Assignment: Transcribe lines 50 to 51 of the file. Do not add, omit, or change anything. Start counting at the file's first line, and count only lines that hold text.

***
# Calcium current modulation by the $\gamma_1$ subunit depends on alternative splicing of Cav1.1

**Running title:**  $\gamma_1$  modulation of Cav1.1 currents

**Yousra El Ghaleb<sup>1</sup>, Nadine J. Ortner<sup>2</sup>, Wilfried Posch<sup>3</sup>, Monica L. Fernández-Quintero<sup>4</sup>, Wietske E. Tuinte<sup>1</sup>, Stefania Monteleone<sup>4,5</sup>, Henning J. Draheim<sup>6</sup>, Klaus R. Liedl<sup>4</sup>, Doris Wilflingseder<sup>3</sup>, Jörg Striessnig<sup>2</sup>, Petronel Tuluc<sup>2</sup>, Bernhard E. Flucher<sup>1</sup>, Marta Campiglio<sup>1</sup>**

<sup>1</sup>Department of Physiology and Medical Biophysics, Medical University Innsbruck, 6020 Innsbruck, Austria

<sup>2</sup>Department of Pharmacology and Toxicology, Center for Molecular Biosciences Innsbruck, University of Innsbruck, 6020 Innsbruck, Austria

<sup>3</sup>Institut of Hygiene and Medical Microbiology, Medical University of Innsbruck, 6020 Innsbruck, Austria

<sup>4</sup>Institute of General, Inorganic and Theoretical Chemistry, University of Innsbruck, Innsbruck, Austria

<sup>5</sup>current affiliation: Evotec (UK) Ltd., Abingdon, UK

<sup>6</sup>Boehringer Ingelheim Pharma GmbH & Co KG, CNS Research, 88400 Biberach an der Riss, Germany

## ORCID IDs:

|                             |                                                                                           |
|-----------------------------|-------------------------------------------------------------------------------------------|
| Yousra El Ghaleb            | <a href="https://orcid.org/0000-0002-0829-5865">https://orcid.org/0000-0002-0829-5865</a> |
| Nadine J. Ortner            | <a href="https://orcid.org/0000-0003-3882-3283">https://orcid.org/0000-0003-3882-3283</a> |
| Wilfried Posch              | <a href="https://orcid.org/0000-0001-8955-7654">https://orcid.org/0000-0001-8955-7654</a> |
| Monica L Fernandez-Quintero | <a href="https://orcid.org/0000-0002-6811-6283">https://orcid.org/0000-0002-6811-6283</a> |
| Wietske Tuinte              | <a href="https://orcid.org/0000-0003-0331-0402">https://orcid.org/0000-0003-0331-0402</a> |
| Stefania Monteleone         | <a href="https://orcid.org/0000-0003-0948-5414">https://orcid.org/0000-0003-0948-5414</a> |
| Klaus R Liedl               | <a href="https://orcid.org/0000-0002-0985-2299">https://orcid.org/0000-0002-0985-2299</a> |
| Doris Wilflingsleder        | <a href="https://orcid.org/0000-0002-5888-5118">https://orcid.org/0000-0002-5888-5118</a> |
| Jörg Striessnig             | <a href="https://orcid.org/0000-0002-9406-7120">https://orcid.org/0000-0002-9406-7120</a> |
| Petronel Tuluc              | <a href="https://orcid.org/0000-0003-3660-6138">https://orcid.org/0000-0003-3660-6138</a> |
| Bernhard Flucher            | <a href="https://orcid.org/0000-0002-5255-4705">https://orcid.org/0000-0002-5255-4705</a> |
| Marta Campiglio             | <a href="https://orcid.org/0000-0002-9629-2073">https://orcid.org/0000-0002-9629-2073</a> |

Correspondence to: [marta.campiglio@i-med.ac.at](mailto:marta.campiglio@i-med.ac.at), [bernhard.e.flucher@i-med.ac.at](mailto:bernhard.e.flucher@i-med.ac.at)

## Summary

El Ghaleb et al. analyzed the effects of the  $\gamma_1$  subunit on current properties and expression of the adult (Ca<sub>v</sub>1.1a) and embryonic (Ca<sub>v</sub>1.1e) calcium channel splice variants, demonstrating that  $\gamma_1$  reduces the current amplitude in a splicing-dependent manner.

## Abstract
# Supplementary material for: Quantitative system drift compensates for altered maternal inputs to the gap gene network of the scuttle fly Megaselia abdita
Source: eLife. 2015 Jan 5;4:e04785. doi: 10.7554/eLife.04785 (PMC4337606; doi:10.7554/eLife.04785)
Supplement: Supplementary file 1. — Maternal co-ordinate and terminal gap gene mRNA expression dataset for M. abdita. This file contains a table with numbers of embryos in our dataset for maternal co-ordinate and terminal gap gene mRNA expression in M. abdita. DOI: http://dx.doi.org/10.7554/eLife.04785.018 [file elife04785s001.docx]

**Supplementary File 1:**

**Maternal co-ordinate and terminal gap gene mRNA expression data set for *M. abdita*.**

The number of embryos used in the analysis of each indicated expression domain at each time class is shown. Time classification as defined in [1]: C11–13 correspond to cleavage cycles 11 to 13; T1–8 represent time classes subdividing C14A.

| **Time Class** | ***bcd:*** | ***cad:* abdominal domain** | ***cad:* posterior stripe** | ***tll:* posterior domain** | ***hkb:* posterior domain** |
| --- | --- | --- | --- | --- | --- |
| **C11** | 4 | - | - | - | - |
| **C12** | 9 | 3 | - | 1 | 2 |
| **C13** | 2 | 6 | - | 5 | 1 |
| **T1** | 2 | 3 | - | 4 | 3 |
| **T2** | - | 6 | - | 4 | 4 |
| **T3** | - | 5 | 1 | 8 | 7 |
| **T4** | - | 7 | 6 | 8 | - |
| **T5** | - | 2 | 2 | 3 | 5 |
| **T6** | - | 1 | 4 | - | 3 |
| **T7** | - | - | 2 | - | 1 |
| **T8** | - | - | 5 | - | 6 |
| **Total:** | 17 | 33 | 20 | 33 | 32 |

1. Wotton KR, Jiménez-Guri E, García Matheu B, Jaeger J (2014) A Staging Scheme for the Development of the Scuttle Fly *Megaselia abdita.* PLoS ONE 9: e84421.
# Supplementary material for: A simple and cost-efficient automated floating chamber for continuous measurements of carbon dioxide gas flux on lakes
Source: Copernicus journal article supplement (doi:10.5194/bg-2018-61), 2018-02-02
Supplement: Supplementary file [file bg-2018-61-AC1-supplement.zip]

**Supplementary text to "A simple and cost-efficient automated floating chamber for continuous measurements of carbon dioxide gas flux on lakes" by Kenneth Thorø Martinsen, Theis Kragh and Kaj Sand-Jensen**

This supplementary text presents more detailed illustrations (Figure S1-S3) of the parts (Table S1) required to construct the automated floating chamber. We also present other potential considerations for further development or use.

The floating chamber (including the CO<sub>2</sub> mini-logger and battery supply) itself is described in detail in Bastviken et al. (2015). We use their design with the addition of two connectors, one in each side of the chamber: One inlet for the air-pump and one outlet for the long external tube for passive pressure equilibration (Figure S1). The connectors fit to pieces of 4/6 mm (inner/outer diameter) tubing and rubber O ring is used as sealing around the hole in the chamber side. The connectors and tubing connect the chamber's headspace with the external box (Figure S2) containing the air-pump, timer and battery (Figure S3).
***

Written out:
# Supplementary material for: A simple and cost-efficient automated floating chamber for continuous measurements of carbon dioxide gas flux on lakes
Source: Copernicus journal article supplement (doi:10.5194/bg-2018-61), 2018-02-02